Millennials are a unique generation made up of those born between 1980 and 2000. When it comes to home buying for this generation they have specific wants and tastes. Millennials prefer an environment-friendly home and will pay extra for this type of home.
According to the National Associations of Home Builder’s report, “What Home Buyers Really Want” published this year this generation is willing to pay for green features that are energy-efficient and cost-saving. In fact, 83% of Millennials are concerned about the effects home building has on the environment and 16% will pay more for an environmentally friendly home.
As seen in the chart, the 83% breaks down as the following. The 16% who will pay more, 33% who are concerned about the effects on the environment but would not pay more for a green home, and 34% who care about the environment but are not in the market to purchase a home.
When looking for a new home, Millennials want a more energy-efficient home that will in return reduce utility bills. In the data released by the NAHB, when asked, Millennials would pay upfront cost for a $1,000 in utility bill savings. Twenty-six percent say they would pay between $1,000 and $4,999 upfront, 20% would pay less than $1,000 upfront, 19% would pay between $5,000 and $9,999, another 19% fell into the bracket of paying $15,000 or more and 15% would pay $10,000 to $14,999 upfront.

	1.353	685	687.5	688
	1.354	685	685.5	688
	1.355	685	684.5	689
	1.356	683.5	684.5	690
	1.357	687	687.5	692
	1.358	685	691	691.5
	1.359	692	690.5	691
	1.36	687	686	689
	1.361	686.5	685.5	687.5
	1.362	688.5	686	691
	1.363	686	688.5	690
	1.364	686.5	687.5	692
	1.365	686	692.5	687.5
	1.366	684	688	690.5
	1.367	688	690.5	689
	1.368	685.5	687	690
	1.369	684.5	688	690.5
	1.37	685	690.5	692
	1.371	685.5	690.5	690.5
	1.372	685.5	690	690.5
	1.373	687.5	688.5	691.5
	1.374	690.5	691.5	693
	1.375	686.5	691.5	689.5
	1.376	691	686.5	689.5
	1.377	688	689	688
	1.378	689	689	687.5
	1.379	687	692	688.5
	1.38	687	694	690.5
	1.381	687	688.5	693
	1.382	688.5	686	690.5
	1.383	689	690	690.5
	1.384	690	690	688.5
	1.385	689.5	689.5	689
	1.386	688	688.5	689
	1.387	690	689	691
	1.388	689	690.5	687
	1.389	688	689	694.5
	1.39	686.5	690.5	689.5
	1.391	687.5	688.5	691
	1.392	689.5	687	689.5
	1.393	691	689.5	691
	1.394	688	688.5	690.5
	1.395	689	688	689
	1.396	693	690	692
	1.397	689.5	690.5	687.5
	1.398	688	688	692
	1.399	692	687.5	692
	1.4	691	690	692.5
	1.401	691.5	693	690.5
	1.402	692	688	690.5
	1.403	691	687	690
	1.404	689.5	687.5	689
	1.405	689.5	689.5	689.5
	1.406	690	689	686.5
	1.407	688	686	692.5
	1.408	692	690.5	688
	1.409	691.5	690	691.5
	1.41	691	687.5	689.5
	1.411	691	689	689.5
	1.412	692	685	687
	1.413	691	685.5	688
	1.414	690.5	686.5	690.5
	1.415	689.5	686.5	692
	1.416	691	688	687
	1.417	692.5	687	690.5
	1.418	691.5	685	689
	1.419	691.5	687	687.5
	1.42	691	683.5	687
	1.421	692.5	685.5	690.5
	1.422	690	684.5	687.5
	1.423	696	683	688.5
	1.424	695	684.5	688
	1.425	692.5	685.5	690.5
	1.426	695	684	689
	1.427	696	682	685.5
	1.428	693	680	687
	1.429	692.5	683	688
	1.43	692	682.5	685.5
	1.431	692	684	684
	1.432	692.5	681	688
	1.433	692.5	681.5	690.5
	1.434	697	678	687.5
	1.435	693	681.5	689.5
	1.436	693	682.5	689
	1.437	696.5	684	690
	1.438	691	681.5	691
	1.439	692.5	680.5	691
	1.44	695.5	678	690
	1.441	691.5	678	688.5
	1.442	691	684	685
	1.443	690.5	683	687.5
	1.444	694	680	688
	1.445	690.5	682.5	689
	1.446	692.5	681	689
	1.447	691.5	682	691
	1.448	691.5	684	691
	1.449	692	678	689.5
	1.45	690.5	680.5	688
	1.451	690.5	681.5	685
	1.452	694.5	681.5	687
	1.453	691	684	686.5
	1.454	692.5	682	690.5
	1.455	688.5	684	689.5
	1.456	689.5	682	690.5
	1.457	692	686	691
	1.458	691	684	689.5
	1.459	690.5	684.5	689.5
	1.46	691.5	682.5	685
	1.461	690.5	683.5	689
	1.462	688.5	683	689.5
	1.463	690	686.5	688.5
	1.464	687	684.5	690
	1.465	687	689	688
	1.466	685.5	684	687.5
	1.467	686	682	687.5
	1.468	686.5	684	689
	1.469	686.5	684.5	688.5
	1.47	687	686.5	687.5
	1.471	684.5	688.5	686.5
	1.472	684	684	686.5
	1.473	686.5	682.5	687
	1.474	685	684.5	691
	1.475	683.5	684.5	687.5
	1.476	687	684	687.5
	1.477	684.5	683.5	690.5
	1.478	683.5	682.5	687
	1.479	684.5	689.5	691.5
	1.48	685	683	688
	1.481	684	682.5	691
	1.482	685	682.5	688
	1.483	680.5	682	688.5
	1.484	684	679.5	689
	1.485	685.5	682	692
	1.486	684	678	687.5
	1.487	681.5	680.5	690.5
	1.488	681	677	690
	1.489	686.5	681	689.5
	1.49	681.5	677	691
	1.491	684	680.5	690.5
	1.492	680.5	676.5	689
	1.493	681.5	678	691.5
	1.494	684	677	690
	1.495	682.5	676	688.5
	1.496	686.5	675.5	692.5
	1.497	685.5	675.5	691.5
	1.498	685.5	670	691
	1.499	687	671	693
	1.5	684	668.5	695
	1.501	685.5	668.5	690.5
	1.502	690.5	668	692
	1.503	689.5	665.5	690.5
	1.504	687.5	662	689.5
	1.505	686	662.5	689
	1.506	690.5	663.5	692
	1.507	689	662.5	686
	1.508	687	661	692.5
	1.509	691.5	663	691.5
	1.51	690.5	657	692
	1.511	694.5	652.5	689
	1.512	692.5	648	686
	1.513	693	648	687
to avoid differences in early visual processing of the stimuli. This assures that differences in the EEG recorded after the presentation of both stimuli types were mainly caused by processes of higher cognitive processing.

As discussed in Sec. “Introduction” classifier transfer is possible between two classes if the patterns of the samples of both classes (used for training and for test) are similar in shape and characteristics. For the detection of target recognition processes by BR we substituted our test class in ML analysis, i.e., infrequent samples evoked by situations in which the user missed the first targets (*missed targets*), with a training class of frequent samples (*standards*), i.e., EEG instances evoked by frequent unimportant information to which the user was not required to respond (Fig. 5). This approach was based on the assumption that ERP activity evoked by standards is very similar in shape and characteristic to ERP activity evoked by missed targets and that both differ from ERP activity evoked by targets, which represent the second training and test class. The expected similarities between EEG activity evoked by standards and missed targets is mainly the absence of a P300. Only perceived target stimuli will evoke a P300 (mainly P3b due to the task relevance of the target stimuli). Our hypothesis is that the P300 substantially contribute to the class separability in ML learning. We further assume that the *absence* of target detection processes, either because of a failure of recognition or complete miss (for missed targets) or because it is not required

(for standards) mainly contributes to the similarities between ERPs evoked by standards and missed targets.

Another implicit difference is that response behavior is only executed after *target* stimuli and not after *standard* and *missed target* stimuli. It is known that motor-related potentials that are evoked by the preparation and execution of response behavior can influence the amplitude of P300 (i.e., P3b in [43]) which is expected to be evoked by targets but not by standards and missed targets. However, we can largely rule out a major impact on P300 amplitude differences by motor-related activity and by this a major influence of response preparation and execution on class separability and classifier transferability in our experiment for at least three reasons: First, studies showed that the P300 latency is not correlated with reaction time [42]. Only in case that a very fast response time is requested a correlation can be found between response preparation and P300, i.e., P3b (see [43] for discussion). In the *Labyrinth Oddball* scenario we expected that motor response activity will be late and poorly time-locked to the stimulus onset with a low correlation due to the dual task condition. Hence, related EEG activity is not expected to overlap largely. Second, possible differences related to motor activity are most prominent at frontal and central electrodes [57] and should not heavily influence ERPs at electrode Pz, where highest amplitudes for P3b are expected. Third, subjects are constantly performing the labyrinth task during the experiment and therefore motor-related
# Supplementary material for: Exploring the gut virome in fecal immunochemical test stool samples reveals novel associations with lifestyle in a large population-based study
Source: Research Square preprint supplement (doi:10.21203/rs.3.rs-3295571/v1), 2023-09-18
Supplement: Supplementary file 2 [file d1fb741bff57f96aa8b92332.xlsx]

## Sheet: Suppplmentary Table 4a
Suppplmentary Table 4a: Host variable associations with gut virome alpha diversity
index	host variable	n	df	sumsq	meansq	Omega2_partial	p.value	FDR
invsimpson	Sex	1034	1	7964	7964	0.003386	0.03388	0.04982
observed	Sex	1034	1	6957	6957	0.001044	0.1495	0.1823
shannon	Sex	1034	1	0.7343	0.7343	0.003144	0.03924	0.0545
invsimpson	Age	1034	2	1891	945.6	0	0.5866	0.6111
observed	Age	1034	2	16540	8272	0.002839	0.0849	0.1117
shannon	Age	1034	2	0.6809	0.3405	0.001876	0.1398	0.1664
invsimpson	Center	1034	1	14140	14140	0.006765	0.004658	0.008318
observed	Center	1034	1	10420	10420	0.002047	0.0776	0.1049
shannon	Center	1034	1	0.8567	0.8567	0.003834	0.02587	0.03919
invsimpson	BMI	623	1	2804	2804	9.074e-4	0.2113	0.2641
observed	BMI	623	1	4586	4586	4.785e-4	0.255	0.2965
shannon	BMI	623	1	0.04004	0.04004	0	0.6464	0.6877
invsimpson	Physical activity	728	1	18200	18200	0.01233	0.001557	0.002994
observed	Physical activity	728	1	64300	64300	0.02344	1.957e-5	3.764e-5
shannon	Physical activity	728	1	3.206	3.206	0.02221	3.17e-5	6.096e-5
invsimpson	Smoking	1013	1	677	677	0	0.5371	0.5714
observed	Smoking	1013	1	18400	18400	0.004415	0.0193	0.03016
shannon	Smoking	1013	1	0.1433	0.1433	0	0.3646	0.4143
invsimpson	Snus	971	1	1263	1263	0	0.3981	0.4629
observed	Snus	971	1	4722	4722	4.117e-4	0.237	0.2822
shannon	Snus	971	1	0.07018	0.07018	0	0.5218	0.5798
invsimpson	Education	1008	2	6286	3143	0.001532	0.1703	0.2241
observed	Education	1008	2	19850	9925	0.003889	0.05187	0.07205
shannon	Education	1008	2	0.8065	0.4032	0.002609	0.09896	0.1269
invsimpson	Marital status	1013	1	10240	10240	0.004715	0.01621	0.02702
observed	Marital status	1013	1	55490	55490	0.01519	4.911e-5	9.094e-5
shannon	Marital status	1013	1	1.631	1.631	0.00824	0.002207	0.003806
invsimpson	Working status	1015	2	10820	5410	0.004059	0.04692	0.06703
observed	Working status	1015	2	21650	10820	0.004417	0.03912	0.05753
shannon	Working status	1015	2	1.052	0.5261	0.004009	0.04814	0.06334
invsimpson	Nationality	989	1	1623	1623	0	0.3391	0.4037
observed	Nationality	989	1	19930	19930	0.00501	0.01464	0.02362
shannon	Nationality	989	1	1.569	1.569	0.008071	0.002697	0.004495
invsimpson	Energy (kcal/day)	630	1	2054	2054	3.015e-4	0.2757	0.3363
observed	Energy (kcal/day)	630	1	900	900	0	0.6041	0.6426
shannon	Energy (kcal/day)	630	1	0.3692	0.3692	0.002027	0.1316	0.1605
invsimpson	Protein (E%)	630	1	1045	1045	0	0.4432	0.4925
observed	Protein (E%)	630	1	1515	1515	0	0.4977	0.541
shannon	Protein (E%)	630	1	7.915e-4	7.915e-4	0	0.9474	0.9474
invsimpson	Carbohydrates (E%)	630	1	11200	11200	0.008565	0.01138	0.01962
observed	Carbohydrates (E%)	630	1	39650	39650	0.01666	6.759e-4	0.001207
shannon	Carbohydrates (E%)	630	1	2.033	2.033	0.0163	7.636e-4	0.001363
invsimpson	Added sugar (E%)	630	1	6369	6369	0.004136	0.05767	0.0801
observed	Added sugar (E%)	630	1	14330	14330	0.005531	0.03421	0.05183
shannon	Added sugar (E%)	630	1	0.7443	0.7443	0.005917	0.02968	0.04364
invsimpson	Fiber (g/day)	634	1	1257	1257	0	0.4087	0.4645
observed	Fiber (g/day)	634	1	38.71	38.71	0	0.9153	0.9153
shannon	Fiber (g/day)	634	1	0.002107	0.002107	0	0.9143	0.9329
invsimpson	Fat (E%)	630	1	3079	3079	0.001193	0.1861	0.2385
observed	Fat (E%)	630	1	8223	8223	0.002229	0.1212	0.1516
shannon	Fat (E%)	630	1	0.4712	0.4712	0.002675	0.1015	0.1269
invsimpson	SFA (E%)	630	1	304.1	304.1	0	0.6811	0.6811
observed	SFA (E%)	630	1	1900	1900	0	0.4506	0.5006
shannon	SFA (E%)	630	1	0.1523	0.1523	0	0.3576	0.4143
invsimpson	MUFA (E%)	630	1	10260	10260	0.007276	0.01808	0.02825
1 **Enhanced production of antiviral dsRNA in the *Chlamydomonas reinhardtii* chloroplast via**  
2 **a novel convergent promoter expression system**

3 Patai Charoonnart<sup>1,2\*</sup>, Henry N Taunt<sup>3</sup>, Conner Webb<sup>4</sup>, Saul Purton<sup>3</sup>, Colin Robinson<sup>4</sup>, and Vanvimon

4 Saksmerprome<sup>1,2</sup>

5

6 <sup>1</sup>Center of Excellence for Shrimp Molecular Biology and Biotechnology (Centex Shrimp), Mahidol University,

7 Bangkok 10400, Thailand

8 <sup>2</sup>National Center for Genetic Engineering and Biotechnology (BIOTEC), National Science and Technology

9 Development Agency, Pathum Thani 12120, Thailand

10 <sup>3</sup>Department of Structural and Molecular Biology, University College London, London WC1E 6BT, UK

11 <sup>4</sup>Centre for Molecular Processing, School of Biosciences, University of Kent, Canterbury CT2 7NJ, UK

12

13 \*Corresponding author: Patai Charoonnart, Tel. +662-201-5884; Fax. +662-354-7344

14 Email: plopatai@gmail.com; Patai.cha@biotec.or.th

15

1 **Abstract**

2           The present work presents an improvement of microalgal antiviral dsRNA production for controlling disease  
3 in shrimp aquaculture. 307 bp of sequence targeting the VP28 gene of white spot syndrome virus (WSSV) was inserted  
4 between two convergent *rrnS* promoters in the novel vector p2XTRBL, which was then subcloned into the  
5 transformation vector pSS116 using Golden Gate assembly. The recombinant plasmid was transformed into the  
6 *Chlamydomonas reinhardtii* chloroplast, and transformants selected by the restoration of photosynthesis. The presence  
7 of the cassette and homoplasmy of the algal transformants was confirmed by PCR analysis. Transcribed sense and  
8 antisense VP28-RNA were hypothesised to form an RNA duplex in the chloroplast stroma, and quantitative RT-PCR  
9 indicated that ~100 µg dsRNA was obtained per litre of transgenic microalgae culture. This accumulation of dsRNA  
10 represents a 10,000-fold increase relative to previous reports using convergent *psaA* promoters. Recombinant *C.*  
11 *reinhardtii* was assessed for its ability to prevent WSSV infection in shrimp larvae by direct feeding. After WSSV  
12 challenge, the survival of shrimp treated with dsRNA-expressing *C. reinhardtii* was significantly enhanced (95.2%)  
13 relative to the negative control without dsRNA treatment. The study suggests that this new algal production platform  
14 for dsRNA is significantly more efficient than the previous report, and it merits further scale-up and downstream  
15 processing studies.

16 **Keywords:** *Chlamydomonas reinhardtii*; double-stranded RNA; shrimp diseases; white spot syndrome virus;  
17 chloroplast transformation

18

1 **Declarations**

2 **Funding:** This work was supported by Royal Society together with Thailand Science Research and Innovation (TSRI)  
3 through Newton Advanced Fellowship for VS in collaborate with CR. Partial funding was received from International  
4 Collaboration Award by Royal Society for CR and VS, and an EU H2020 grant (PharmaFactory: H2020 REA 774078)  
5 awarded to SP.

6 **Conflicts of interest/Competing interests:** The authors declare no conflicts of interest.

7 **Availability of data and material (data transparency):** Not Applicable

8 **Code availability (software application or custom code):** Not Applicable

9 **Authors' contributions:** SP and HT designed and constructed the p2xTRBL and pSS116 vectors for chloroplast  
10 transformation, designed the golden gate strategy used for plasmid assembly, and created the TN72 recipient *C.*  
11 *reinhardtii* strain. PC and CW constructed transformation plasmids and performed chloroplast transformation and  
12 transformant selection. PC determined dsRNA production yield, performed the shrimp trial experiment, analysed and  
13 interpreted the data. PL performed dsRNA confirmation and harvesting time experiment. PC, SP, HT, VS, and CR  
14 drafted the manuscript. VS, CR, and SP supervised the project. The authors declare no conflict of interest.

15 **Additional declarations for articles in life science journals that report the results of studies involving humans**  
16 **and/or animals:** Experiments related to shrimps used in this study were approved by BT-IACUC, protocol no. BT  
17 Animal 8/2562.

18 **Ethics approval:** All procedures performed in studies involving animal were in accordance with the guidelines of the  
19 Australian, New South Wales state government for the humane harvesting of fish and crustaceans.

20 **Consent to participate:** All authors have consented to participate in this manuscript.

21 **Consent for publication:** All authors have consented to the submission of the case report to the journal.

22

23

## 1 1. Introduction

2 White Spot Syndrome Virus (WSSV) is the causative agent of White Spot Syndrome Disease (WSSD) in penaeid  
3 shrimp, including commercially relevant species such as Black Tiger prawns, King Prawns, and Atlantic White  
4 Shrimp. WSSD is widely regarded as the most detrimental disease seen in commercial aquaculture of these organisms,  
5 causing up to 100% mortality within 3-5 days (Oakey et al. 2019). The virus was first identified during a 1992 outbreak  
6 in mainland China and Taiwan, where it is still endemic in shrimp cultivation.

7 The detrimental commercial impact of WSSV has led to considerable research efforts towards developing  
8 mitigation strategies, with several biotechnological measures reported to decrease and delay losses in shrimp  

Green certification done by a credible and independent third party also plays a big roll in how much cash Millennials will spend on a home. For a home that is certified and meets an above code standard on energy efficiency 32 % would pay between $1,000 to $4,999 more, 23% would pay between $100 and $499, 15% would pay $5,000 or more and 11% would shell out $500 ti $999.
When it comes to a certified home that meets above water efficiency standards 31% would pay between $1,000 and $4,999 more, 25% less than $100 more, 20% between $100 and $499, 13% over $5,000 and 12% would pay more than $500 to $999 upfront.
Millennials were asked how important certification that meets above code standard for indoor environmental quality is to them. When it comes to paying more for this certification, 30% would shell out $1,000 to $4,999 more upfront, 27% would pay less than $100, 19% would pay between $100 and $499, 13% would pay over $5,000 and 11% would pay between $500 to $999.
A holistic green standard is important to this generation. Builders looking to sell to this demographic definitely want to build green.
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